A biochemical pathway in the lungs, in which an antioxidant called glutathione (GSH) binds to and changes the nature of specific proteins, may be involved in the development of pulmonary fibrosis, according to researchers at the University of Vermont.
The study, “Attenuation of lung fibrosis in mice with a clinically relevant inhibitor of glutathione-S-transferase π,” published in JCI Insight, suggests that targeting the enzyme involved in this process may be an effective therapeutic approach for patients with idiopathic pulmonary fibrosis (IPF).
The causes of lung fibrosis are largely unknown, but studies have reported that exposure to certain agents, such as cigarette smoke, mineral dusts, and radiation, induce perturbations in the redox status and oxidative stress, ultimately leading to pulmonary fibrosis.
In the setting of such fibrosis, injury to the epithelial cells that line the lung airways is associated with exacerbated death of these cells and proliferation of fibroblasts that form the lung scarring. At the same time, specific factors are produced that further increase the fibrotic process, including the FAS protein.
GSH is an important antioxidant that has been described in IPF patients, particularly in its oxidized form. It can bind to specific amino acids in proteins, modifying their structure and function, through a process called glutathionylation that is mediated by the glutathione-S-transferase π (GSTP) enzyme. In a recent report, the researchers showed that FAS is one of the proteins that can bind with GSH, but how these alterations impact lung fibrosis was not understood.
Now, the team led by David H. McMillan studied the role of adding GSH to the FAS protein in IPF patients. Researchers found that these patients had high levels of the GSTP enzyme in the lungs, particularly in epithelial cells, and an increased interaction between GSTP and FAS.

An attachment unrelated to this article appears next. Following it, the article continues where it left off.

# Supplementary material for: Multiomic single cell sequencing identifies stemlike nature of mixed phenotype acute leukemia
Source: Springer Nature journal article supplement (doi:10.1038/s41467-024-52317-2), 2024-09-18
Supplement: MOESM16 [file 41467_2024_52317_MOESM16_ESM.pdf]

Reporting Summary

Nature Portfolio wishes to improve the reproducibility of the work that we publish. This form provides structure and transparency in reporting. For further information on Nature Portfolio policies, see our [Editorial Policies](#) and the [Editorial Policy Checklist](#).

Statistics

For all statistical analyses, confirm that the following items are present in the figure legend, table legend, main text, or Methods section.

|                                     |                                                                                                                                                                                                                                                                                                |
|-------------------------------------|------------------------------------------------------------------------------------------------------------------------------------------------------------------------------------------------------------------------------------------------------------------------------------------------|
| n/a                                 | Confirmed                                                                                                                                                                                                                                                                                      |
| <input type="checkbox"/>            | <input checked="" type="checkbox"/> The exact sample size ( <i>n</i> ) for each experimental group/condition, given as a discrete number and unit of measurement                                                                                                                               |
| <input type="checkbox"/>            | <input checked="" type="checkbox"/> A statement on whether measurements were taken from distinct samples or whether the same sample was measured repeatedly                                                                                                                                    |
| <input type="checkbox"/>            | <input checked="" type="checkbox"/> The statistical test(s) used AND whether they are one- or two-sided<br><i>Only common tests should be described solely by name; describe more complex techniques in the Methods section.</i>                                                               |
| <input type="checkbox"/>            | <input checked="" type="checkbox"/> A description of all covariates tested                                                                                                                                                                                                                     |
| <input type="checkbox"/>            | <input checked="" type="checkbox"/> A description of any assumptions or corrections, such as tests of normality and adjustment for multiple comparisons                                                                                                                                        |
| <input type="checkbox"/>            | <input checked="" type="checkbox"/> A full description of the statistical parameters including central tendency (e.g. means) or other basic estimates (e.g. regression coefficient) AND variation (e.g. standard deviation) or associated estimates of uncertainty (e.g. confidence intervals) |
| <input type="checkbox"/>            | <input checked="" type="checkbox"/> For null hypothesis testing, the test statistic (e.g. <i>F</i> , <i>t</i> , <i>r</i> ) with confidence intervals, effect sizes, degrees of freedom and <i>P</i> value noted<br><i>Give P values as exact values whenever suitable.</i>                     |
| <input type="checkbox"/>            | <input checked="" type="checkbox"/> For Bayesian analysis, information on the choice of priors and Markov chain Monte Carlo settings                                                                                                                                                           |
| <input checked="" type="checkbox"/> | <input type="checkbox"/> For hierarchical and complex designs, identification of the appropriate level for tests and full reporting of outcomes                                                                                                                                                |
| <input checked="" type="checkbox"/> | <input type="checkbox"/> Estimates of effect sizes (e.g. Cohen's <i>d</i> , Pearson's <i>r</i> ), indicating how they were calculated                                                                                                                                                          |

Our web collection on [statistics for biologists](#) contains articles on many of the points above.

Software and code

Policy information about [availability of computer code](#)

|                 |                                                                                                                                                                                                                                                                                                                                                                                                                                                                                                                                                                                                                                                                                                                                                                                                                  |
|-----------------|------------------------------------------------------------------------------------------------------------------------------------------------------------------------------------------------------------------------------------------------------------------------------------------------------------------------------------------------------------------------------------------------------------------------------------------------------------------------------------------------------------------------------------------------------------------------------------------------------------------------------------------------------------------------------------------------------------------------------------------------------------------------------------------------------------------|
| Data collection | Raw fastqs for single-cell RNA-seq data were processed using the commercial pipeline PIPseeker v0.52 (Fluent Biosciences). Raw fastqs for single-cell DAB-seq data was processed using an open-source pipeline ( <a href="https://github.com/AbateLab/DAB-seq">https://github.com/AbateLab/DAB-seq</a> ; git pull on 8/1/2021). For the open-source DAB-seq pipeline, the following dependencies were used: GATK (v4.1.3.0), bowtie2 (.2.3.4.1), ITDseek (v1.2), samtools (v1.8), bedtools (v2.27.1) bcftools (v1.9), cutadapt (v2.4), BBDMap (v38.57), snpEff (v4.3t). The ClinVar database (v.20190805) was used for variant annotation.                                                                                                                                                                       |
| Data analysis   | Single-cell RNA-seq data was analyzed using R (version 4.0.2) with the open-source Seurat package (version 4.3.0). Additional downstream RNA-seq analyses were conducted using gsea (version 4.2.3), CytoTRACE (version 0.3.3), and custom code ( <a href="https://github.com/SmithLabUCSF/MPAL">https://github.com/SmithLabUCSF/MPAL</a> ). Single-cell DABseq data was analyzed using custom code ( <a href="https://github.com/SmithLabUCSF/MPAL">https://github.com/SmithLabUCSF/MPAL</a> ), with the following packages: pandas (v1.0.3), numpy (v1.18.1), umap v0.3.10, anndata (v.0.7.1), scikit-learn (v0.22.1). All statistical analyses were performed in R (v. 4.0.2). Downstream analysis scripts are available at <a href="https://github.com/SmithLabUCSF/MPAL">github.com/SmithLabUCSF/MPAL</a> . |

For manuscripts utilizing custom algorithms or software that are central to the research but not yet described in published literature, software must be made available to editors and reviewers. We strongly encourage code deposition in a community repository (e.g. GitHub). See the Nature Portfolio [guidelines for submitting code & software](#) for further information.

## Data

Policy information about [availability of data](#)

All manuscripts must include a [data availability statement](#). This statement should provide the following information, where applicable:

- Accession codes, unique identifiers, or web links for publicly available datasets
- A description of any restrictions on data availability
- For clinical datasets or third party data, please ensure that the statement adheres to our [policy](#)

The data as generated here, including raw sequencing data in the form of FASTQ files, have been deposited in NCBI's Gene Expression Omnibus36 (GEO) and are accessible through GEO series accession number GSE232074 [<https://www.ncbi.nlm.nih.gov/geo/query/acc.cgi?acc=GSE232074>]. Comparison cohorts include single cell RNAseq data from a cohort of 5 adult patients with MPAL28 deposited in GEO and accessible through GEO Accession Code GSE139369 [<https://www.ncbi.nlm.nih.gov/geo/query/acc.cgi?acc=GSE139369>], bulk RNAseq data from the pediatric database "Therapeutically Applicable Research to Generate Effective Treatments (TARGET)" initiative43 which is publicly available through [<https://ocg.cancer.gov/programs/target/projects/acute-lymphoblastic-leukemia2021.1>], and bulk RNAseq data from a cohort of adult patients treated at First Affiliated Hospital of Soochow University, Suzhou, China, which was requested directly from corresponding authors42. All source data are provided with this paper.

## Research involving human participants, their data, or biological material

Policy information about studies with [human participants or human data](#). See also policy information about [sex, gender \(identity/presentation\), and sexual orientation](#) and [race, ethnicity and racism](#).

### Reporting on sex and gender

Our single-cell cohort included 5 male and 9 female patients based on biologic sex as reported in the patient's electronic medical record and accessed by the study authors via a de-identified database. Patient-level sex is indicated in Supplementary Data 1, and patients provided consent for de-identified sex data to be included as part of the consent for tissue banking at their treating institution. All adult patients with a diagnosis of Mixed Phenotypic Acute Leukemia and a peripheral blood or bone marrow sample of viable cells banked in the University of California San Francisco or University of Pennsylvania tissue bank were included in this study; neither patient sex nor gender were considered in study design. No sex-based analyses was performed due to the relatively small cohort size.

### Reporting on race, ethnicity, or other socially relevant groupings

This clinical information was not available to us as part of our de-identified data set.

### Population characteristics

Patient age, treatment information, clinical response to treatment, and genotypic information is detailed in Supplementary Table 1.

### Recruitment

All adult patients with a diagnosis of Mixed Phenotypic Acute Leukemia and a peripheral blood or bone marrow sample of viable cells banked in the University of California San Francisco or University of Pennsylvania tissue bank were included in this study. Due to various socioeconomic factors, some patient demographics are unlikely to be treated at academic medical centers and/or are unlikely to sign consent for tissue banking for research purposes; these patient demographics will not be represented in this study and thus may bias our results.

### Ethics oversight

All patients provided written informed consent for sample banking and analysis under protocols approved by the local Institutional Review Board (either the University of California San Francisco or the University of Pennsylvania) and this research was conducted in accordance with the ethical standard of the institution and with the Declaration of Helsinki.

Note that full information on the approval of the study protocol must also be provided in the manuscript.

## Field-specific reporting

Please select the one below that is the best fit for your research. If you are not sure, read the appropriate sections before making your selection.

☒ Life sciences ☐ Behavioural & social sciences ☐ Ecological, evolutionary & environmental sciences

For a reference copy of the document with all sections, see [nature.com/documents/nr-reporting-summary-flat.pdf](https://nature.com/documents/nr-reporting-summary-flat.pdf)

The team then developed two mice models of lung fibrosis (bleomycin and AdTGFβ), both genetically modified to lack the GSTP enzyme. Compared to mice expressing the enzyme, these mice had lower FAS glutathionylation and vascular remodelling.
Importantly, use of a GSTP inhibitor called TLK117 when the bleomycin-and AdTGFβ-induced fibrosis was already apparent also reduced vascular remodeling, epithelial cell death, FAS glutathionylation, and total protein glutathionylation.
These finding suggest that GSTP inhibition may be a new therapeutic target for IPF patients or patients with other lung fibrotic diseases.
As the researchers concluded: “The current study points to the importance not of GSH per se, but a unique facet of GSH chemistry, which involves its covalent incorporation into proteins, catalyzed by GSTP, a biochemical pathway that has not previously been recognized in settings of pulmonary fibrosis. Thus, a clinical trial utilizing the GSTP inhibitor described herein in IPF patients appears well warranted, and may yield new insights into the functional importance of S-glutathionylation chemistry in the pathogenesis and progression of this deadly disease.”
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